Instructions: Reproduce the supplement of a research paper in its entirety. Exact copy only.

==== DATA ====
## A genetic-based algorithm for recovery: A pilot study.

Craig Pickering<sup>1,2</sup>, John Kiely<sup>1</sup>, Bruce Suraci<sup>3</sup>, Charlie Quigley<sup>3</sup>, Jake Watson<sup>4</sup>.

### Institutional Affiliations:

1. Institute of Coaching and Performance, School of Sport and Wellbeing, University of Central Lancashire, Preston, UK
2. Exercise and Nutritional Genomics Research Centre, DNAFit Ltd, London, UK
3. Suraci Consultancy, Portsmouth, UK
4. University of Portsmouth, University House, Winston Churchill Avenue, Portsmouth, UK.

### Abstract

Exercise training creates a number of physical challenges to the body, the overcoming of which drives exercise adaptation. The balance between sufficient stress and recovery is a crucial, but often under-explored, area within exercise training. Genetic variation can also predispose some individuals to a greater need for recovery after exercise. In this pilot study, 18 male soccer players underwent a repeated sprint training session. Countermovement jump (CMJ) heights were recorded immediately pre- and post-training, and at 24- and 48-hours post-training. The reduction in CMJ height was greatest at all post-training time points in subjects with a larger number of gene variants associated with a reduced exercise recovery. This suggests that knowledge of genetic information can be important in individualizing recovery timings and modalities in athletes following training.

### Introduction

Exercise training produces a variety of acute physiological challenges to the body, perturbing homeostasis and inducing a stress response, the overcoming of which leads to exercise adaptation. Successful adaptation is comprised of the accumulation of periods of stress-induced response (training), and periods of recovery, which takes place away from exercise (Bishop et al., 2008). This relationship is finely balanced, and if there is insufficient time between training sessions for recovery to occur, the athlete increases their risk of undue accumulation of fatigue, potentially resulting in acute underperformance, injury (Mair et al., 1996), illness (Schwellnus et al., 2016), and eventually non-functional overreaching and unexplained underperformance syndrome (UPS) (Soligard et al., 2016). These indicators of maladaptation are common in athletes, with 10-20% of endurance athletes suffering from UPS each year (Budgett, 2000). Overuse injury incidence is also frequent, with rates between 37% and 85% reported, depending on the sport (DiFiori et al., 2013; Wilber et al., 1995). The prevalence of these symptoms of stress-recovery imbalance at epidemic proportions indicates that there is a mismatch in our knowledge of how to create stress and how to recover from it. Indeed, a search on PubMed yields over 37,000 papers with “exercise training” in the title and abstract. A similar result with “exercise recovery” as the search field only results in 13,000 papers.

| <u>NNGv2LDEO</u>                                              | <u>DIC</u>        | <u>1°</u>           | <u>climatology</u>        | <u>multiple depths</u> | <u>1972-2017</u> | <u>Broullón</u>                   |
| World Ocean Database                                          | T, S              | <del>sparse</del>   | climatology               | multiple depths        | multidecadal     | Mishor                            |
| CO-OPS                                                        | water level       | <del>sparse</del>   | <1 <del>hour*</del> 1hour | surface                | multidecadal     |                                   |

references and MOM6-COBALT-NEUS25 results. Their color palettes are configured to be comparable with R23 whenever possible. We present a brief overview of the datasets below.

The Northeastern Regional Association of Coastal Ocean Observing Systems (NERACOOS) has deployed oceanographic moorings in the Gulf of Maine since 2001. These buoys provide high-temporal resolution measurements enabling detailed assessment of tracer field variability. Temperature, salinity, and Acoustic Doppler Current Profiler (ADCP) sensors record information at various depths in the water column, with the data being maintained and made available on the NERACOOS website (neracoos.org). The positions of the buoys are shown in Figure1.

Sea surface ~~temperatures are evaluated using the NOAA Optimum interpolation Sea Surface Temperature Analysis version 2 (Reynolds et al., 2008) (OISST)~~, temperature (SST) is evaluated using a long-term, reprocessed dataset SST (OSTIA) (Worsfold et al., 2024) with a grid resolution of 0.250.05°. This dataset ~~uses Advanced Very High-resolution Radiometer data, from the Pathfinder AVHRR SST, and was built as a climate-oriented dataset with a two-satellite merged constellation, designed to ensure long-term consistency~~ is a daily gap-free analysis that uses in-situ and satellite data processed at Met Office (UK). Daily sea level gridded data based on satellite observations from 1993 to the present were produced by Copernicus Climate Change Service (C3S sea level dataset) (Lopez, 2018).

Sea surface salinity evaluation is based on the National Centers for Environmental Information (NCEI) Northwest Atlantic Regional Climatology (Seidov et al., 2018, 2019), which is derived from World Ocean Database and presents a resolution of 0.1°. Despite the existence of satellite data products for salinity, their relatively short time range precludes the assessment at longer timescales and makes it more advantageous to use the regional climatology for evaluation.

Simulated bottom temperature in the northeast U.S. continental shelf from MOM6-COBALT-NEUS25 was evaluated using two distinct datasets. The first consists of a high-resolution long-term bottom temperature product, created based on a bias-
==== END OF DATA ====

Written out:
## A genetic-based algorithm for recovery: A pilot study.

Craig Pickering<sup>1,2</sup>, John Kiely<sup>1</sup>, Bruce Suraci<sup>3</sup>, Charlie Quigley<sup>3</sup>, Jake Watson<sup>4</sup>.

### Institutional Affiliations:

1. Institute of Coaching and Performance, School of Sport and Wellbeing, University of Central Lancashire, Preston, UK
2. Exercise and Nutritional Genomics Research Centre, DNAFit Ltd, London, UK
3. Suraci Consultancy, Portsmouth, UK
4. University of Portsmouth, University House, Winston Churchill Avenue, Portsmouth, UK.

### Abstract

Exercise training creates a number of physical challenges to the body, the overcoming of which drives exercise adaptation. The balance between sufficient stress and recovery is a crucial, but often under-explored, area within exercise training. Genetic variation can also predispose some individuals to a greater need for recovery after exercise. In this pilot study, 18 male soccer players underwent a repeated sprint training session. Countermovement jump (CMJ) heights were recorded immediately pre- and post-training, and at 24- and 48-hours post-training. The reduction in CMJ height was greatest at all post-training time points in subjects with a larger number of gene variants associated with a reduced exercise recovery. This suggests that knowledge of genetic information can be important in individualizing recovery timings and modalities in athletes following training.

### Introduction

Exercise training produces a variety of acute physiological challenges to the body, perturbing homeostasis and inducing a stress response, the overcoming of which leads to exercise adaptation. Successful adaptation is comprised of the accumulation of periods of stress-induced response (training), and periods of recovery, which takes place away from exercise (Bishop et al., 2008). This relationship is finely balanced, and if there is insufficient time between training sessions for recovery to occur, the athlete increases their risk of undue accumulation of fatigue, potentially resulting in acute underperformance, injury (Mair et al., 1996), illness (Schwellnus et al., 2016), and eventually non-functional overreaching and unexplained underperformance syndrome (UPS) (Soligard et al., 2016). These indicators of maladaptation are common in athletes, with 10-20% of endurance athletes suffering from UPS each year (Budgett, 2000). Overuse injury incidence is also frequent, with rates between 37% and 85% reported, depending on the sport (DiFiori et al., 2013; Wilber et al., 1995). The prevalence of these symptoms of stress-recovery imbalance at epidemic proportions indicates that there is a mismatch in our knowledge of how to create stress and how to recover from it. Indeed, a search on PubMed yields over 37,000 papers with “exercise training” in the title and abstract. A similar result with “exercise recovery” as the search field only results in 13,000 papers.

| <u>NNGv2LDEO</u>                                              | <u>DIC</u>        | <u>1°</u>           | <u>climatology</u>        | <u>multiple depths</u> | <u>1972-2017</u> | <u>Broullón</u>                   |
| World Ocean Database                                          | T, S              | <del>sparse</del>   | climatology               | multiple depths        | multidecadal     | Mishor                            |
| CO-OPS                                                        | water level       | <del>sparse</del>   | <1 <del>hour*</del> 1hour | surface                | multidecadal     |                                   |

references and MOM6-COBALT-NEUS25 results. Their color palettes are configured to be comparable with R23 whenever possible. We present a brief overview of the datasets below.

The Northeastern Regional Association of Coastal Ocean Observing Systems (NERACOOS) has deployed oceanographic moorings in the Gulf of Maine since 2001. These buoys provide high-temporal resolution measurements enabling detailed assessment of tracer field variability. Temperature, salinity, and Acoustic Doppler Current Profiler (ADCP) sensors record information at various depths in the water column, with the data being maintained and made available on the NERACOOS website (neracoos.org). The positions of the buoys are shown in Figure1.

Sea surface ~~temperatures are evaluated using the NOAA Optimum interpolation Sea Surface Temperature Analysis version 2 (Reynolds et al., 2008) (OISST)~~, temperature (SST) is evaluated using a long-term, reprocessed dataset SST (OSTIA) (Worsfold et al., 2024) with a grid resolution of 0.250.05°. This dataset ~~uses Advanced Very High-resolution Radiometer data, from the Pathfinder AVHRR SST, and was built as a climate-oriented dataset with a two-satellite merged constellation, designed to ensure long-term consistency~~ is a daily gap-free analysis that uses in-situ and satellite data processed at Met Office (UK). Daily sea level gridded data based on satellite observations from 1993 to the present were produced by Copernicus Climate Change Service (C3S sea level dataset) (Lopez, 2018).

Sea surface salinity evaluation is based on the National Centers for Environmental Information (NCEI) Northwest Atlantic Regional Climatology (Seidov et al., 2018, 2019), which is derived from World Ocean Database and presents a resolution of 0.1°. Despite the existence of satellite data products for salinity, their relatively short time range precludes the assessment at longer timescales and makes it more advantageous to use the regional climatology for evaluation.

Simulated bottom temperature in the northeast U.S. continental shelf from MOM6-COBALT-NEUS25 was evaluated using two distinct datasets. The first consists of a high-resolution long-term bottom temperature product, created based on a bias-